CRP/Cost Sharing ProgramsField reportsGetting StartedMonarchs

A Farmer’s Perspective on the Conservation Reserve Program

Where are the monarchs now?

The monarchs are now overwintering in forests at over 10,000 feet in Central Mexico. They will begin their journey back north at the end of February. Follow their migration at Journey North.

The start of a new year brings another opportunity for farmers to enroll land in the Conservation Reserve Program (CRP) and install monarch and pollinator habitat on their farms. Farmers enrolled in CRP agree to voluntarily manage less productive land by converting to perennial habitat that will improve environmental health and quality in exchange for a yearly rental payment. While we are awaiting the announcement from the Farm Service Agency about the enrollment period for General CRP this year, signup for Continuous CRP is ongoing. We’ll share more information about General CRP signup when it is available.

We spoke to Chris Benes, a corn and soybean farmer in Nebraska, whose family has enrolled land in CRP since the mid-1980s. Benes shares his insight about enrolling land in CRP, how he chooses what land to enroll, and the benefits that come from installing pollinator habitat on his farm.

“I basically have CRP coming in and out every year,” said Benes.

You can watch the full eight-minute interview in the video above or watch clips from the interview below to hear Benes’ thoughts on specific CRP-related topics like the Environmental Benefits Index (EBI), habitat management, and CRP benefits.

Environmental Benefits Index

The Farm Service Agency will rank offers submitted by landowners for CRP general enrollment period according to the Environmental Benefits Index (EBI). The agency collects data for each index factor based on the relative environmental benefits for the land offered. Index rankings are unique for each tract of land offered for CRP.

“Pollinators will get me more points to get ground in the CRP program,” said Benes referencing CRP 42, the practice code for installing pollinator habitat. “I want the ground in CRP and I’m choosing pollinators to give me my best chance to get that ground in CRP.” Planting pollinator habitat increases your EBI score. 

Farm Service Agency assigns each offer a score based on the offer’s relative environmental factors. Each offer competes with all other offers. Farm Service Agency determines the acceptability of the offer based on the ranking results. All offers are ranked nationally. 

Selecting a practice made up of diverse native species like pollinator habitat (CP42), State Acres for Wildlife Enhancement Projects (CP38), Rare and Declining Habitat (CP25), and Wildlife Habitat (CP4D) allows landowners to maximize EBI scores.


Farmers for Monarchs provides detailed information about habitat establishment and management, which Benes explains is critical for CRP. We’ve also highlighted how pollinator habitat can be installed to boost the efficiency of marginal cropland.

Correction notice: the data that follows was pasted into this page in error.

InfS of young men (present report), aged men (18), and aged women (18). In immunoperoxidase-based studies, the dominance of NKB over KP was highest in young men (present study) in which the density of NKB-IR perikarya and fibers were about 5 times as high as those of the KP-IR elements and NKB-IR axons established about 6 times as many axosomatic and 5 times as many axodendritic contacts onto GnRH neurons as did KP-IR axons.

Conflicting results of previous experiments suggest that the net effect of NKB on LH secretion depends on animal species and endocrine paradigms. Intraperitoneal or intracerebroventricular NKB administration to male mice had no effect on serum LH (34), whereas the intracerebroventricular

“The way I use the CRP program has changed a lot,” said Benes. “I’m using it now more probably for what it was designed for…the poor spots and highly erodible spots.”

Benes is able to make the determination as to what land he should enroll in CRP by using high precision tools now commonly used in agriculture. GPS farming and mapping provides precision data on ground quality and farm yields. This allows farmers to analyze the profitability of specific land areas. Benes also stresses that land must be properly maintained regardless of whether it is enrolled in CRP or in production. 

“It takes management. I mean, a lot of people think CRP is where the government is paying somebody for doing nothing and in reality, they’re paying you for letting the land sit idle, that is true, but it takes management,” said Benes.


Enrolling land in CRP can make land more profitable, reduce erosion, increase pollinator species and wildlife, and provide a beautiful landscape. 

For rural areas “that do have a lot of CRP, you’ll see a lot more wildlife, you’ll see a lot more [beneficial] bug diversity, compared to areas that are fence line to fence line crop,” said Benes “you don’t see the explosion of harmful insects…nearly as often. There’s so much more of a wide and varied group of bugs that it’s hard for just one bug [species] to come in and massively take over and cause crop damage.”

Revisit this post to learn more about the benefits planting pollinator forage in prairie strips provided farmers. 

Getting Started

It may be difficult to know where to start to participate in cost-sharing programs like the Conservation Reserve Program. If you want to know more, call the Pollinator Habitat Help Desk at (337) 422-4828 to learn more about how to begin. You can also ask about a variety of topics like seed mixes and site preparation and management.   

We’ll share more information about General CRP signup when it is available.